All six commissioners, interim CEO May face ethics complaints
Ken Watts | 7/11/2014, 6 a.m.
With the filing of three new ethics charges against DeKalb Commissioners Jeff Rader and Kathie Gannon and interim CEO Lee May this month, all of DeKalb’s elected local government leaders are now facing ethics complaints.
On July 1, Decatur resident Timothy Brantley accused Rader of influence peddling. On July 2, Decatur community activist Rhea Johnson accused May of overstepping his authority by establishing a chief integrity officer, and on July 7, Lithonia resident Monica Tarrott accused Gannon, who represents Super District 6, of misusing her county budget to buy votes and influence zoning decisions.
The DeKalb Board of Ethics is already hearing complaints against District 3 Commissioner Larry Johnson, Super District 7 Commissioner Stan Watson, District 4 Commissioner Sharon Barnes Sutton, and District 1 Commissioner Elaine Boyer for misusing their county-issued Visa purchasing cards.
Its next meeting is scheduled for Aug. 14.
In his complaint, Brantley said Rader used his elected position to benefit himself and his former employer, Jacobs Engineering, a global corporation based in Pasadena, Calif.
He said Rader, who was a Jacobs Engineering planner from 2007 to 2013, influenced votes on projects involving Jacobs, which was awarded county contracts worth more than $10 million.
He also said that Rader exerted his influence for Jacobs by “means and devices including … discussing the nature and terms of said contracts with DeKalb County commissioners and by currying favor between DeKalb County commissioners/DeKalb County employees and Jacob Engineering’s employees.”
Brantley also accused Rader of “conspiring with DeKalb County Commissioners Kathie Gannon and Stan Watson to provide monetary and other valuable consideration in exchange for their votes on contracts affecting Jacobs Engineering.”
The complaint said that between 2007 and 2013, Rader received compensation in excess of $266,000 from the county, while also receiving a salary in excess of $400,000 from Jacobs Engineering.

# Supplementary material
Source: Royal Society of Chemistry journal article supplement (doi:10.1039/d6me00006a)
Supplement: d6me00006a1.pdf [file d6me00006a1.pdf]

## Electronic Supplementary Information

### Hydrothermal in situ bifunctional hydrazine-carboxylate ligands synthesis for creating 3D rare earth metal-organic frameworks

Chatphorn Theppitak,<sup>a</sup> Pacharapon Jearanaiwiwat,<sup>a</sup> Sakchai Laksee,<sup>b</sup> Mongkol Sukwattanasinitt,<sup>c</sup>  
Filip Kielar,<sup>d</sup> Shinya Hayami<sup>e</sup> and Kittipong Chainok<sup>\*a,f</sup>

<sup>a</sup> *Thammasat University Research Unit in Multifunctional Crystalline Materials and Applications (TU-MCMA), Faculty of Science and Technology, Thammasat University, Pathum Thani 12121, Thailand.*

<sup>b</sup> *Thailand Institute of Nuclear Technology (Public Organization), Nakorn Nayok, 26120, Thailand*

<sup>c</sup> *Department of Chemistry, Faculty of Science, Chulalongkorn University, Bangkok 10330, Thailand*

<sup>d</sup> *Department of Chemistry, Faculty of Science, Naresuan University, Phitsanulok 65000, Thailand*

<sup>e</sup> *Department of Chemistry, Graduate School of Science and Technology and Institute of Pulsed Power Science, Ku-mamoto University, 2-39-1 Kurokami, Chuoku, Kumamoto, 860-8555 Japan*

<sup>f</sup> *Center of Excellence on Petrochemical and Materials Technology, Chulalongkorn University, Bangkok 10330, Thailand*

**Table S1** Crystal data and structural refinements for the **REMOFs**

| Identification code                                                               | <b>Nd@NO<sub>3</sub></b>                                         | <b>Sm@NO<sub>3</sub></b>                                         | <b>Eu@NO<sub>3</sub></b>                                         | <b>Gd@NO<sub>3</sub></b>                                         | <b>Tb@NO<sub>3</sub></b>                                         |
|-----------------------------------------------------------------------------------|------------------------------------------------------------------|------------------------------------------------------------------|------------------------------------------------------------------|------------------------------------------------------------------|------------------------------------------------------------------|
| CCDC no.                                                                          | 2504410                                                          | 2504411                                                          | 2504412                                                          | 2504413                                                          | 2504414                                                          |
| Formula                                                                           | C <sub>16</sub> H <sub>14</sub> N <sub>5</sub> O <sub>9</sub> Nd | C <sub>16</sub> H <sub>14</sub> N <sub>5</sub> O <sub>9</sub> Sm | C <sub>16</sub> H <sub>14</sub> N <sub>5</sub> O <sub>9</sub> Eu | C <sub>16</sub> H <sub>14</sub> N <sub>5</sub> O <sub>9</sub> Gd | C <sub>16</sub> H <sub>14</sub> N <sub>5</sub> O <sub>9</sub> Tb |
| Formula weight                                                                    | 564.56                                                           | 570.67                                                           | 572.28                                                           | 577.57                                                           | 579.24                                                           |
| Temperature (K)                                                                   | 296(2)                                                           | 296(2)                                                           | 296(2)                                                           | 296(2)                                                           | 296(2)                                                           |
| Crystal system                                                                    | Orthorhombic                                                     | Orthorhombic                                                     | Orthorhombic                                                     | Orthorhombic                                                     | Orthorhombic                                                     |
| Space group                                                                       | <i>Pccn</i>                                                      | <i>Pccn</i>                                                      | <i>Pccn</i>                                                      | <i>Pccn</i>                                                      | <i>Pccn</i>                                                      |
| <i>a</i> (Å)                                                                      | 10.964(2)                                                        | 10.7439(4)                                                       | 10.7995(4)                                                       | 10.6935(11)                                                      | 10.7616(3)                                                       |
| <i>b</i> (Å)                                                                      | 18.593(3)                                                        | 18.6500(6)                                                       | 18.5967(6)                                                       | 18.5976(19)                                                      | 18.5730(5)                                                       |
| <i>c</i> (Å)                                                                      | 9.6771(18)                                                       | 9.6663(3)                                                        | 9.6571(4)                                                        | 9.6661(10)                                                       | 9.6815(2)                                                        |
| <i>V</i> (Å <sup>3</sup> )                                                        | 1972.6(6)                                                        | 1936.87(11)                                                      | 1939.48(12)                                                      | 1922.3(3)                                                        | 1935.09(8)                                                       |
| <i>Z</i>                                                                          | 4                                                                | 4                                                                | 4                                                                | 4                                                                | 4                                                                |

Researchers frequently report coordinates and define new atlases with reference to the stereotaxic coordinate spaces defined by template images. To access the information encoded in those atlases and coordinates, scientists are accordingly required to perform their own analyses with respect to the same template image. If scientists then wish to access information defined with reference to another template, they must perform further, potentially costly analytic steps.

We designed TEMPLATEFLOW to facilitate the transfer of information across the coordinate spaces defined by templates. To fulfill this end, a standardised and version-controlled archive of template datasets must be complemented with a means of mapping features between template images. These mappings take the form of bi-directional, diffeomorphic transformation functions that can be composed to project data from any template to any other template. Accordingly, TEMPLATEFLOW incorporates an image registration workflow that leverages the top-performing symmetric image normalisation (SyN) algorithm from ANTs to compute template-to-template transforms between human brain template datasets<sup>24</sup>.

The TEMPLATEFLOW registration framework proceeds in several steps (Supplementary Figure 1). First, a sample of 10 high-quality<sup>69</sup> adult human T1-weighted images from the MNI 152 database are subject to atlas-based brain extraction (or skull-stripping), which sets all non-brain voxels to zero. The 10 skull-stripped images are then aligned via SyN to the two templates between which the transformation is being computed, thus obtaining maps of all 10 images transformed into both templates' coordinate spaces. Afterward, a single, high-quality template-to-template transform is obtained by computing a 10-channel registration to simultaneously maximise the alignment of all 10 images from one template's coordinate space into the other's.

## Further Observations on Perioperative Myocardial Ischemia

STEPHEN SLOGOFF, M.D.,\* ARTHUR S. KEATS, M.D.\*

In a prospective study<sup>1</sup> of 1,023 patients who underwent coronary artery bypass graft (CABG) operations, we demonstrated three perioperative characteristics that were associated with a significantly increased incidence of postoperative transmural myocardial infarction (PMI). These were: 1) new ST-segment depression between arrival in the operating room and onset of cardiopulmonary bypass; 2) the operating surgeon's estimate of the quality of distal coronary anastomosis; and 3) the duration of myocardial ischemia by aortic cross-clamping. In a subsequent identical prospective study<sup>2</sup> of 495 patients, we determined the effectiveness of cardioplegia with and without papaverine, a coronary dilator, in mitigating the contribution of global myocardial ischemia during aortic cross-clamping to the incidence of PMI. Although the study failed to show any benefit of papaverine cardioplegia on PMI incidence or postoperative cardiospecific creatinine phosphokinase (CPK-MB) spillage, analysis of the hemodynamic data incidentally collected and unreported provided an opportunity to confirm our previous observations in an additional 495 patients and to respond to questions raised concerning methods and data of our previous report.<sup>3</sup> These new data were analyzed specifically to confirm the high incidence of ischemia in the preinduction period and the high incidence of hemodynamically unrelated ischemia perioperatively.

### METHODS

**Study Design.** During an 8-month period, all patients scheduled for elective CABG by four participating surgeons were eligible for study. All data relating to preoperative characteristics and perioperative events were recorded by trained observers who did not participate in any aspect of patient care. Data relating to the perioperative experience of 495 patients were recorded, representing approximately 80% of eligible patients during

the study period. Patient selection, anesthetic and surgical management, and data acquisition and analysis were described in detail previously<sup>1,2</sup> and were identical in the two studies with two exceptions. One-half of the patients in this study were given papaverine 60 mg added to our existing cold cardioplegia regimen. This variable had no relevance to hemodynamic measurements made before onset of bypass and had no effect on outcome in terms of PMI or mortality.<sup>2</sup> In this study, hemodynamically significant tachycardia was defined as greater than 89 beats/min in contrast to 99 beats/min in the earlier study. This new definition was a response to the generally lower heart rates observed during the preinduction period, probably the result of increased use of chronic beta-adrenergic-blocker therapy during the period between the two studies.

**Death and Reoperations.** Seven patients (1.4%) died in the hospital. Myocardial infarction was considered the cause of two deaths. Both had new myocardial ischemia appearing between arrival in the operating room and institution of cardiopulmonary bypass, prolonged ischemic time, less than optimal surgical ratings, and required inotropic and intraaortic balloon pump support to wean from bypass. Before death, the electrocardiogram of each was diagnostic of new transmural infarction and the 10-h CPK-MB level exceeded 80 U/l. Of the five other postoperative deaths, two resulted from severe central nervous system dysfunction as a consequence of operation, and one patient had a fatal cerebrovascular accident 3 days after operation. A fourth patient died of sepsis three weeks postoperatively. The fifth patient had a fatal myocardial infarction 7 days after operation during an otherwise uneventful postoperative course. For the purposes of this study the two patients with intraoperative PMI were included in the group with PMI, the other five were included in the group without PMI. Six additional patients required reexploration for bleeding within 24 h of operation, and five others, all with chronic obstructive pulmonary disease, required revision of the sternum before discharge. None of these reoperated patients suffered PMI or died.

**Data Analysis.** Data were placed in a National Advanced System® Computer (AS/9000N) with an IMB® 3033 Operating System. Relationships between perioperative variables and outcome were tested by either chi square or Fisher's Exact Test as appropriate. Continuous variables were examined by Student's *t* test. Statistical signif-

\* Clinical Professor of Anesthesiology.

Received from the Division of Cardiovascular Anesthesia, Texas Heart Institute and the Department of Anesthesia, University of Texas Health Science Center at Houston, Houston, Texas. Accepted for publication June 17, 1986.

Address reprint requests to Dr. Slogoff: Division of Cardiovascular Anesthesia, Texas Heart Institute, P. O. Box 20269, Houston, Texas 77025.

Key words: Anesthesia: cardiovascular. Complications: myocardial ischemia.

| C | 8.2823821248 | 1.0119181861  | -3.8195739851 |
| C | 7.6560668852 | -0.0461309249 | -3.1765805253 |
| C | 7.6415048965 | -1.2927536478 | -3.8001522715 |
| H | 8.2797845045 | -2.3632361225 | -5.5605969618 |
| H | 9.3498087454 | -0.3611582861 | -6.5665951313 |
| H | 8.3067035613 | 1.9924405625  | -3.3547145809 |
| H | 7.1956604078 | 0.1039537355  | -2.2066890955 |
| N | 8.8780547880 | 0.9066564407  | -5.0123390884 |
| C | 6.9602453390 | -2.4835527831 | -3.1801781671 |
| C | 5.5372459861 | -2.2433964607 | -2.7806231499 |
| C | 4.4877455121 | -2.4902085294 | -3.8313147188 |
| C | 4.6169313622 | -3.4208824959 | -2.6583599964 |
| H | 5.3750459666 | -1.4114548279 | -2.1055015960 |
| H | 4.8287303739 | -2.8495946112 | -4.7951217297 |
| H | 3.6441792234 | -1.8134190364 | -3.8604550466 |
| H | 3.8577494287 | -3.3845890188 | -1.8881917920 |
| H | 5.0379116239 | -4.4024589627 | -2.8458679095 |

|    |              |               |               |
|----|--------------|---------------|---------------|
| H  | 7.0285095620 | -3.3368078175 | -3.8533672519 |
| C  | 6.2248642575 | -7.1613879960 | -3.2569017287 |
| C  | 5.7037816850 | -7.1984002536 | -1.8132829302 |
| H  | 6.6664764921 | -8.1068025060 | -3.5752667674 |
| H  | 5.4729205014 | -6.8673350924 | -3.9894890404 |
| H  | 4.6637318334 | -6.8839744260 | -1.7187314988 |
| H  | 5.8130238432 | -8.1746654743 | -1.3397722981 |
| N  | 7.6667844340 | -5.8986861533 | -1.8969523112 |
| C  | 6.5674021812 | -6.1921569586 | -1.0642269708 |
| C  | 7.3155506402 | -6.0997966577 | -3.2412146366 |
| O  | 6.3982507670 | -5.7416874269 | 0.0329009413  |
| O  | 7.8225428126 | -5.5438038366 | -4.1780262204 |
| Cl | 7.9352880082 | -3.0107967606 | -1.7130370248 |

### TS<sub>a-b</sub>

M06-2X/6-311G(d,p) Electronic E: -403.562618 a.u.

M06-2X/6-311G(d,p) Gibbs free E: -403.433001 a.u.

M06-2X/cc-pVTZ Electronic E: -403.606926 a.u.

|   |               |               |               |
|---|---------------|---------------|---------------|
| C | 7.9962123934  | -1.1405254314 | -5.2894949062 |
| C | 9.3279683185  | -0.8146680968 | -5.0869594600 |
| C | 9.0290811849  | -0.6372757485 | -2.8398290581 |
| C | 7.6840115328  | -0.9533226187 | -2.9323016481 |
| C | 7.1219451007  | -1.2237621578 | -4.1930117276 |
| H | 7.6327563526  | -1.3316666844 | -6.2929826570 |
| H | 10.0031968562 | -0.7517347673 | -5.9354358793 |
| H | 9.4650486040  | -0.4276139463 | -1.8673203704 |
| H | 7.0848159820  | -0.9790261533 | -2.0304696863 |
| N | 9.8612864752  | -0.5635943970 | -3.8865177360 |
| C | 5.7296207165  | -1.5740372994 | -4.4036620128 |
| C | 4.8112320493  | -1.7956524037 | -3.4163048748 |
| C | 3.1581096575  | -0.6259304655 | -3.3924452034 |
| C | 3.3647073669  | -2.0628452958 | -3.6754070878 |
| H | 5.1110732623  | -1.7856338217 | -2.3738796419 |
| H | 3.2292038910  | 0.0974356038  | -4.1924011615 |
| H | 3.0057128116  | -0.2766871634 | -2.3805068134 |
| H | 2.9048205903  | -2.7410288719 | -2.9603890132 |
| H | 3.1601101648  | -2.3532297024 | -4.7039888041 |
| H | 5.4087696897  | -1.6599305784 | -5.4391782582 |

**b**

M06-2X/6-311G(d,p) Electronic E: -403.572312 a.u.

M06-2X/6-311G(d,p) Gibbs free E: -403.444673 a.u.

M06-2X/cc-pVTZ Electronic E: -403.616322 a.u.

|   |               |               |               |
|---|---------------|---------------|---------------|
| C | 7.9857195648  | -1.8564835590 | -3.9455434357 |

Brantley refused to provide information about himself.
In a July 10 email, he said he did not want to become the story.
“My complaint is one birthed out of the silent desires of a number of concerned DeKalb County residents who want to see openness, fairness and transparency in its government operations so that they can give their trust to their public servants beginning with their elected officials and clearly Commissioner Rader has jeopardized that trust by his actions over many years,” he said.
Rader calls the allegations unfounded.
“My response is that I was sensitive to the potential for conflict of interest when I was first elected to office, so I sought and received [an] opinion from the Board of Ethics, which has governed my conduct since then,” Rader said in a July 9 email to CrossRoadsNews. “In particular, I can state categorically that the conduct alleged [regarding contract vote influence] is false, unsubstantiated, and in my judgment, slanderous.”
Rader said the Ethics Board opinion that he received when he joined the board in January 2007 said that there would be no ethics violation if he “absents himself from BOC meetings which discuss county business with Jacobs Engineering” and recuses himself from voting on matters concerning Jacobs.